You know when Autumn’s coming, the diary fills up with art+goth. The Little Shop of Horrors in E8 have a pretty good programme lined up. Here’s an edit:
Curious Cafés of the Belle Epoque with Vadim Kosmos
Cabaret de L’Enfer’s malevolent façade threatened to devour all who dared to step within its damnable interior. But how did this most macabre of cafés originate and what went on within? This talk explores Fin de Siecle Paris’ craze for morbid drinking dens including L’Enfer’s less well known, but no less sinister, sister establishments; Le Ciel, Neants & Truands.
Gemma Angel on the History of Human Tattoos
The late nineteenth century saw an explosion in academic interest in the tattoo. Tattoos played a significant role in medico-legal research across a wide range of disciplines, notably forensic medicine, criminology, anthropology and psychiatry. Whilst many scholars collected data on tattooing in the form of drawings and occasionally through photography, tattooed skins where also harvested. These historic collections now reside in a number of museums and archives across Europe. The largest of these collections, consisting of 300 such objects, is currently held in storage at the Science Museum, London.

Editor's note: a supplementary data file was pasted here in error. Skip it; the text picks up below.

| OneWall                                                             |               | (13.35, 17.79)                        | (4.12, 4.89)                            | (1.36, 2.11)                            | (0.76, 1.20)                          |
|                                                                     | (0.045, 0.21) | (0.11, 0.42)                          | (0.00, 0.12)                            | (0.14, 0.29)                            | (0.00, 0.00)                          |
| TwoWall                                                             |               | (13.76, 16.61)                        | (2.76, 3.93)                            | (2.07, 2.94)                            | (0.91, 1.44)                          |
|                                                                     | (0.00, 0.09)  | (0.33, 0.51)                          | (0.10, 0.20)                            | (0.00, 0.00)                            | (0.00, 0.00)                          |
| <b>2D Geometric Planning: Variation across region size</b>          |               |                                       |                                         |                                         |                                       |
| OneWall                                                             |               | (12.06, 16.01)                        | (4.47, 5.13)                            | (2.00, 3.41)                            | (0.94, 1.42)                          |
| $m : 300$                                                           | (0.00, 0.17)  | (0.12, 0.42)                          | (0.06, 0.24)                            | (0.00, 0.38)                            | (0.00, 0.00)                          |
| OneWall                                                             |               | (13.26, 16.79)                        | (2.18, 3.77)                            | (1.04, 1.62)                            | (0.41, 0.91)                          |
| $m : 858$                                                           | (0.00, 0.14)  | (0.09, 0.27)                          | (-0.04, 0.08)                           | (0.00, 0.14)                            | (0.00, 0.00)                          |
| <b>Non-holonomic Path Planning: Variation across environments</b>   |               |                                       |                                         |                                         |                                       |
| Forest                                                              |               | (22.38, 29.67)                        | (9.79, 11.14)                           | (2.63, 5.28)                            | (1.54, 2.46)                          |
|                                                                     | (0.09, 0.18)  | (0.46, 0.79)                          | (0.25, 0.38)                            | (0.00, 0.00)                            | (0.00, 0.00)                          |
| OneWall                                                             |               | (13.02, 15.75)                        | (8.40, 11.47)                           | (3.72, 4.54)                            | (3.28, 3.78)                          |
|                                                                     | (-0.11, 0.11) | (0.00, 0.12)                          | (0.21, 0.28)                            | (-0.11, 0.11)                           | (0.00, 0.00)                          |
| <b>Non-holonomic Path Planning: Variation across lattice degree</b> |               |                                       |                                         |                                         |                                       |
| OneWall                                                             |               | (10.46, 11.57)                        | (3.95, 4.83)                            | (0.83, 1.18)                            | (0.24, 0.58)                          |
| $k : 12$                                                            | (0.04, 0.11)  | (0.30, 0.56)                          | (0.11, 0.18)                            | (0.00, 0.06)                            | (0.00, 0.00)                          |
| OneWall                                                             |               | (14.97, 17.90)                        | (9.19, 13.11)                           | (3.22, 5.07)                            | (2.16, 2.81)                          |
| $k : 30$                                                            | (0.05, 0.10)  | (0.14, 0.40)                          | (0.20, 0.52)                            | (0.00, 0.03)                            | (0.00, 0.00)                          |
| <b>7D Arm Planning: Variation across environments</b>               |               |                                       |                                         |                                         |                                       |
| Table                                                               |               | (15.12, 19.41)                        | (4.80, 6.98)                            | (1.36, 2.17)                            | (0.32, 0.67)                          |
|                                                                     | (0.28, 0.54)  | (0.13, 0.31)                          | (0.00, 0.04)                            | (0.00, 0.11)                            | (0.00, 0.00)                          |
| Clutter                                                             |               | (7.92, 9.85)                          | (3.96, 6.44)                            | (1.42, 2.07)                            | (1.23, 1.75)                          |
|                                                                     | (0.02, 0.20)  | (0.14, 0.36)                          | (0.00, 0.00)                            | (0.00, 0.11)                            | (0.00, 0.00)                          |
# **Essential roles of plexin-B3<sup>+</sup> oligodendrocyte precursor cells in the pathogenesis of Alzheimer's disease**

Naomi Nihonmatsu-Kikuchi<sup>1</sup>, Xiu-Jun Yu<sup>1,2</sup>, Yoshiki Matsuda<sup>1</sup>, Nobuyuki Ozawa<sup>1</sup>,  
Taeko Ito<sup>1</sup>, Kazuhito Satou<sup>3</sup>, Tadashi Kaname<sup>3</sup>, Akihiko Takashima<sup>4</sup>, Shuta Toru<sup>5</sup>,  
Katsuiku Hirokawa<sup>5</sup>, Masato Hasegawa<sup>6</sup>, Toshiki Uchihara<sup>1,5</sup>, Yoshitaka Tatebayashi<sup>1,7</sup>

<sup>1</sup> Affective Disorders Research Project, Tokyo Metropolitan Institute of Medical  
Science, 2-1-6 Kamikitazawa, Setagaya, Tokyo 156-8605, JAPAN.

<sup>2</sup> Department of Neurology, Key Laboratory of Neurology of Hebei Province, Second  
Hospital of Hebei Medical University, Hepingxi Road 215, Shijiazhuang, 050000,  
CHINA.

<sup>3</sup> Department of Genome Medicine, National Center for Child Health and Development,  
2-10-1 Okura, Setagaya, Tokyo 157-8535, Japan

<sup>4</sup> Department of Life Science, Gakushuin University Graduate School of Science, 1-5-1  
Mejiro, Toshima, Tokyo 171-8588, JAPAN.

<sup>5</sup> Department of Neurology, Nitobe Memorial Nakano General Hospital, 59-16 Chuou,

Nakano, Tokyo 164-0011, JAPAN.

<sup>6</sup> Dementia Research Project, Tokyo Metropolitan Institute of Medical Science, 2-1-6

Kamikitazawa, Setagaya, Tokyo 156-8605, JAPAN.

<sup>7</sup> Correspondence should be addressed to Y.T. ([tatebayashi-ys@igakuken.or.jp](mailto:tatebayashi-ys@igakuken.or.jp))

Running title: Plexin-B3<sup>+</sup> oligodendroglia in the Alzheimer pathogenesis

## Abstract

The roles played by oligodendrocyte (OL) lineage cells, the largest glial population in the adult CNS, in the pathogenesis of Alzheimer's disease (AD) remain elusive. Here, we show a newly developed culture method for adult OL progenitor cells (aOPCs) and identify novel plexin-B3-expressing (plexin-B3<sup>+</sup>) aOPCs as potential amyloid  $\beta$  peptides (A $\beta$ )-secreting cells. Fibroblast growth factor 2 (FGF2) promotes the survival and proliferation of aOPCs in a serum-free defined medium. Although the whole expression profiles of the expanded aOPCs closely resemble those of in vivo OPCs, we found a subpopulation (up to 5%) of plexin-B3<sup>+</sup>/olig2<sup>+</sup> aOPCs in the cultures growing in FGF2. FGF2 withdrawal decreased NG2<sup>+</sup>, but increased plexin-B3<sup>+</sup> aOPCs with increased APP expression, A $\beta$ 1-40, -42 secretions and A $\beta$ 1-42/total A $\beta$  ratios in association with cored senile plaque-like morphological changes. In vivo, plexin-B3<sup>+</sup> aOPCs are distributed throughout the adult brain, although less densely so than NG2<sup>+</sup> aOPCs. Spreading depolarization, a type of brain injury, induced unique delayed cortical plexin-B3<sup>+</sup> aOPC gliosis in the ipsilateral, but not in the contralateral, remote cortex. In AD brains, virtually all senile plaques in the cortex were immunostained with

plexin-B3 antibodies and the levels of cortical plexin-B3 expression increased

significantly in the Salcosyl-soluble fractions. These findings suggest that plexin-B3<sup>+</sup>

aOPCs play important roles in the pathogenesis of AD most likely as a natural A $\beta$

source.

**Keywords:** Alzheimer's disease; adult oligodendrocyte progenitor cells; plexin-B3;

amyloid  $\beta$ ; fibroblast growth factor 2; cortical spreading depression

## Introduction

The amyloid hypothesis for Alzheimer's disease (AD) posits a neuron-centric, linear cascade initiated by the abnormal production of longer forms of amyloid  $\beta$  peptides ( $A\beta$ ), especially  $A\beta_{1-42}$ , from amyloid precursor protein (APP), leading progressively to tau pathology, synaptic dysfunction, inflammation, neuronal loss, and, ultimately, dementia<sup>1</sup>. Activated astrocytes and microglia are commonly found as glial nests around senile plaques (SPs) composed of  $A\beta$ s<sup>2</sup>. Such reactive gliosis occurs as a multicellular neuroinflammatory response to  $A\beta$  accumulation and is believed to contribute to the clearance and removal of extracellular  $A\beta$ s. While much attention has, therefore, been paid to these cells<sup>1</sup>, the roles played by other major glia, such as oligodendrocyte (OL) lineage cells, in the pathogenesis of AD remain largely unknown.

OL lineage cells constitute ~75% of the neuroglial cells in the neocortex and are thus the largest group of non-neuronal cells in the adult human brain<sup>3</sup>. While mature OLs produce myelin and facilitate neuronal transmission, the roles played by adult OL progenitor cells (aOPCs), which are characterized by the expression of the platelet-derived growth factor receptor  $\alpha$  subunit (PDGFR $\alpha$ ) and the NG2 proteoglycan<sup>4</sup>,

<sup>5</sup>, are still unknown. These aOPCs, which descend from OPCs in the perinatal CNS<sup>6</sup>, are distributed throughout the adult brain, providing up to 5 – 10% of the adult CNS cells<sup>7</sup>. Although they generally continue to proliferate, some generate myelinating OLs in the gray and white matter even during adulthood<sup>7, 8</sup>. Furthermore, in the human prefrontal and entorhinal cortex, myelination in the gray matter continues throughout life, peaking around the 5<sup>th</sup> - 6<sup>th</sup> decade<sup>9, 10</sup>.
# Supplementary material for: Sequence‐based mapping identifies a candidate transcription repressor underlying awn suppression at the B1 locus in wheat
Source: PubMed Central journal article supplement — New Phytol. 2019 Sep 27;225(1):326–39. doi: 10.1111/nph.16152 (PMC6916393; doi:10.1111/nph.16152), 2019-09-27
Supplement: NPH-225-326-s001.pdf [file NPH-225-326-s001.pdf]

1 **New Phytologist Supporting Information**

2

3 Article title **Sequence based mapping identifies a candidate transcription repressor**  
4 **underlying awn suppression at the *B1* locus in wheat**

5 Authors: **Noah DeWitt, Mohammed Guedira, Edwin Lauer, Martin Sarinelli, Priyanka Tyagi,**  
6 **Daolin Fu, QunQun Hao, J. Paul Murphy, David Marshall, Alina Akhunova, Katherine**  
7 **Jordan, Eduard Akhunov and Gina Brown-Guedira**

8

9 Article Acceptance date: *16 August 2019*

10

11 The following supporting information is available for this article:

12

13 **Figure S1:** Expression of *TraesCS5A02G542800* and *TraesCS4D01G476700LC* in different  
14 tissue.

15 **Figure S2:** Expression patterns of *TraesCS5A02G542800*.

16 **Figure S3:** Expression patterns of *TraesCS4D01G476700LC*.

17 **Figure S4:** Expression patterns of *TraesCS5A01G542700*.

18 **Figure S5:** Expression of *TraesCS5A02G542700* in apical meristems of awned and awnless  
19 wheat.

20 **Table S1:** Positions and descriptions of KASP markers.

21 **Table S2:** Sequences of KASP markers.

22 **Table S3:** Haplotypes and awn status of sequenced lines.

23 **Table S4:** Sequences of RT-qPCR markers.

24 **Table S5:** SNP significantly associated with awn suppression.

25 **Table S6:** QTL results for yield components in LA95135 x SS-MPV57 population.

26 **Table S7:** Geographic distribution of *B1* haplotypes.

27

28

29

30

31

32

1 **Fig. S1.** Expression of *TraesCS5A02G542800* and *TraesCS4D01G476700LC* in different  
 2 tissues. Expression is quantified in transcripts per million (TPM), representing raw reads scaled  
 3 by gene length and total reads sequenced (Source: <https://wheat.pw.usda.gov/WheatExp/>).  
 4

Field Trip to St Bart’s Pathology Museum
An off-site visit to the newly rejuvenated St Bartholomew’s Hospital Pathology Museum. Speaker Ebenstein will contextualize these artifacts via a discussion of the history of the medical museum.
Dr Pat Morris – Extreme Taxidermy: Elephants and Humans
Preserving a full-sized elephant represents the ‘Mount Everest’ of taxidermy. It is a challenge not only to the taxidermist’s artistry (in attempting to make an accurate representation of the living animal) but it is also a serious engineering problem to handle such a large and heavy item.
Eleanor Crook on Plastic Surgery of the World Wars
The rifles used in the First World War fired low-velocity bullets that were sufficient to cause great damage, but unlike high-velocity bullets, would not cause the energy waves that result in instant death. As a result many young men survived the war with appalling facial injuries. During the Second World War, Harold Gillies and Archibald McIndoe established a specialised plastic surgery unit at East Grinstead Hospital, becoming known as the Guinea Pig Club – treating injured servicemen and civilians and marking a hugely significant advance in medicine.